— Rebecca Thiess

Hill Threats Escalate as CFPB Protects Consumers, Servicemembers (Ed Mierzwinski)

Today, the House Appropriations Committee, at the behest of both Wall Street and predatory lenders seeking to run amok, will vote to eliminate the CFPB’s independence from the politicized appropriations process. The bill will also further hamstring the SEC, a federal financial agency that struggles to protect small investors since its funding is already subject to the committee’s whims. You can watch the debacle here at 11am ET. Wall Streeters and payday lenders will be lighting their cigars with $100 bills– chump change compared to the $1.9 million dollars/day ($1.4 billion total in this election cycle) they’ve been spending to roll back Wall Street reform.

You can read the opposition letter from Americans for Financial Reform, PIRG, Consumer Federation of America, the NAACP and other leading groups here (excerpt):

“Changing the CFPB’s independent funding would leave the CFPB more vulnerable than the Federal Reserve, the OCC, and the FDIC to industry influence, once again treating consumer financial protection as a less important matter. It would give Wall Street and the worst elements of the financial services industry endless lobbying opportunities to deny the CFPB the funding to do its job if and when the regulator took action that a sector of the industry did not like.”

Meanwhile, over at the CFPB, important work to protect consumers, including servicemembers, from unfair and predatory financial practices continues. Some recent highlights include:

Of course, the CFPB continues to work on other major projects that have drawn the ire of powerful special interests. WIthin a few days, expect new detailed consumer narratives (stories) to appear in the highly successful Public Consumer Complaint Database. Expect further action this year on the CFPB’s effort to rein in payday and other high-cost lenders. Expect further action on its research finding that pre-dispute mandatory arbitration clauses in financial contracts harm consumers.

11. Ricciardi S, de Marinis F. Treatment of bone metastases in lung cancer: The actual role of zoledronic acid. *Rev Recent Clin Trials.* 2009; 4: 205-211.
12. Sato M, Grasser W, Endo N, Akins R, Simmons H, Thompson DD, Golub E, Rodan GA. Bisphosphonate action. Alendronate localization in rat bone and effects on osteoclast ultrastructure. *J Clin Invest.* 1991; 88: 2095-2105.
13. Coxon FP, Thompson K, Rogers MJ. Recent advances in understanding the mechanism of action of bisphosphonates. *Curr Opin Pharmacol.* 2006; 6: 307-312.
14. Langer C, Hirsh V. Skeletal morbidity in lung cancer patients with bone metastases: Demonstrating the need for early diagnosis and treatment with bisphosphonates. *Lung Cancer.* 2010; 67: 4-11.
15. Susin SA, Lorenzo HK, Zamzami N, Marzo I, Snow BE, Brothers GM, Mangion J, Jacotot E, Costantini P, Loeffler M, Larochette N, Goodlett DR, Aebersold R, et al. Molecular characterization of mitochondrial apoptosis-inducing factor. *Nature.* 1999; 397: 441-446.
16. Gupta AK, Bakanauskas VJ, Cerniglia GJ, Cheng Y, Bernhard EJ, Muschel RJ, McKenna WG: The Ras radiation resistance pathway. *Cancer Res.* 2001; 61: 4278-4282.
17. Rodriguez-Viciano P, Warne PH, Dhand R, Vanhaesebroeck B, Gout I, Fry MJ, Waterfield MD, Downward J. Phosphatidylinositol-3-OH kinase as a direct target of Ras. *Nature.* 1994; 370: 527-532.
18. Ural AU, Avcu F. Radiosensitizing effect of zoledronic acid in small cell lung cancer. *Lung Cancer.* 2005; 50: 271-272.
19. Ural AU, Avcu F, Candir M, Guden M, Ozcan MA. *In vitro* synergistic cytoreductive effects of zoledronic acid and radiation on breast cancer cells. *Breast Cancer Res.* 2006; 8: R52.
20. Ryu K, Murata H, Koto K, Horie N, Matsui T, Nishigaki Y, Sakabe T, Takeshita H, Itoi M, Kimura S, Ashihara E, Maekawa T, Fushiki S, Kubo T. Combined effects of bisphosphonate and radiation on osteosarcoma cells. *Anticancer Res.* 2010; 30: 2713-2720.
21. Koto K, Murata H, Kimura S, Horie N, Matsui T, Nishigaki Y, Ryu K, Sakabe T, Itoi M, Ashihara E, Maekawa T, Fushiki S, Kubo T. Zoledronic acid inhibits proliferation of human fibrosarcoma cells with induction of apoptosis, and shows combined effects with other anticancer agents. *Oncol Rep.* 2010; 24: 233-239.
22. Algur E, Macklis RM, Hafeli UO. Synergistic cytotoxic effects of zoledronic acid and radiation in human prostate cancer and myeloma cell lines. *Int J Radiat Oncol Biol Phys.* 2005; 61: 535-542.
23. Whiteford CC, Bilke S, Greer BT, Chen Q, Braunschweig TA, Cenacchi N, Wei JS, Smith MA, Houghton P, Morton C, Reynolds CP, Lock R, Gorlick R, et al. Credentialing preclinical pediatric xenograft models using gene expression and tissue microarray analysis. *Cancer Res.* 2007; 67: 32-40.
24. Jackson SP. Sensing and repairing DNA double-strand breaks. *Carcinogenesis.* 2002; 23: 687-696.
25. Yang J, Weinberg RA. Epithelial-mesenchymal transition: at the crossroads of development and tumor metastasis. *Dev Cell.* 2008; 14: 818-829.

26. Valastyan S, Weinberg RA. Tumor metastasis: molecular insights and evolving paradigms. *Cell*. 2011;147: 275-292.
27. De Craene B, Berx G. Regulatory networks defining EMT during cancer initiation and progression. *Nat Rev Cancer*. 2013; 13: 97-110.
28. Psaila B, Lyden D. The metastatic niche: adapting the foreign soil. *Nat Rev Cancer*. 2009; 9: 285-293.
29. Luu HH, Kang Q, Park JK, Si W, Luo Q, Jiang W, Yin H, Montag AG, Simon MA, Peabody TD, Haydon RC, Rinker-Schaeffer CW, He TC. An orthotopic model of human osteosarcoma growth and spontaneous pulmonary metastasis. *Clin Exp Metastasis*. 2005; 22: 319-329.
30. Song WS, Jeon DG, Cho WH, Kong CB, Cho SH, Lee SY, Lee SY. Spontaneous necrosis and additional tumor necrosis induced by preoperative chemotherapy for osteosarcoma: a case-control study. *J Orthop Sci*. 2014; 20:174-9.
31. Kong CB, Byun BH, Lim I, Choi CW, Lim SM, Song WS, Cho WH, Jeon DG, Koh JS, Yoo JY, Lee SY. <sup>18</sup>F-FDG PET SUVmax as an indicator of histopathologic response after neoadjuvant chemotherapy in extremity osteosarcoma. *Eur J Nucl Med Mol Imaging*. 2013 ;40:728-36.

But, expect further attacks on the CFPB in both the Senate and the House. Recently, freshman Senator David Perdue (GA) escalated his own over-the-top attack, alleging that the bureau was “a rogue agency that dishes out malicious financial policy” and filing a bill similarly eliminating the CFPB’s independence. (By the way, the so-called US Consumer Coalition” listed in the Perdue release is a front group for some financial industry that won’t disclose its backing.)

The American public supports the CFPB, overwhelmingly and on a bi-partisan basis. After all, the idea of the CFPB needs no defense, only more defenders. Congress needs to start listening to consumers, instead of special interests. Why should they be allowed to run amok, even as our economy struggles to recover from the recession caused by the 2008 financial collapse triggered by “rogue” financial practices?

— Ed Mierzwinski

Originally published on U.S. PIRG

 

Big-bank Threat Backfires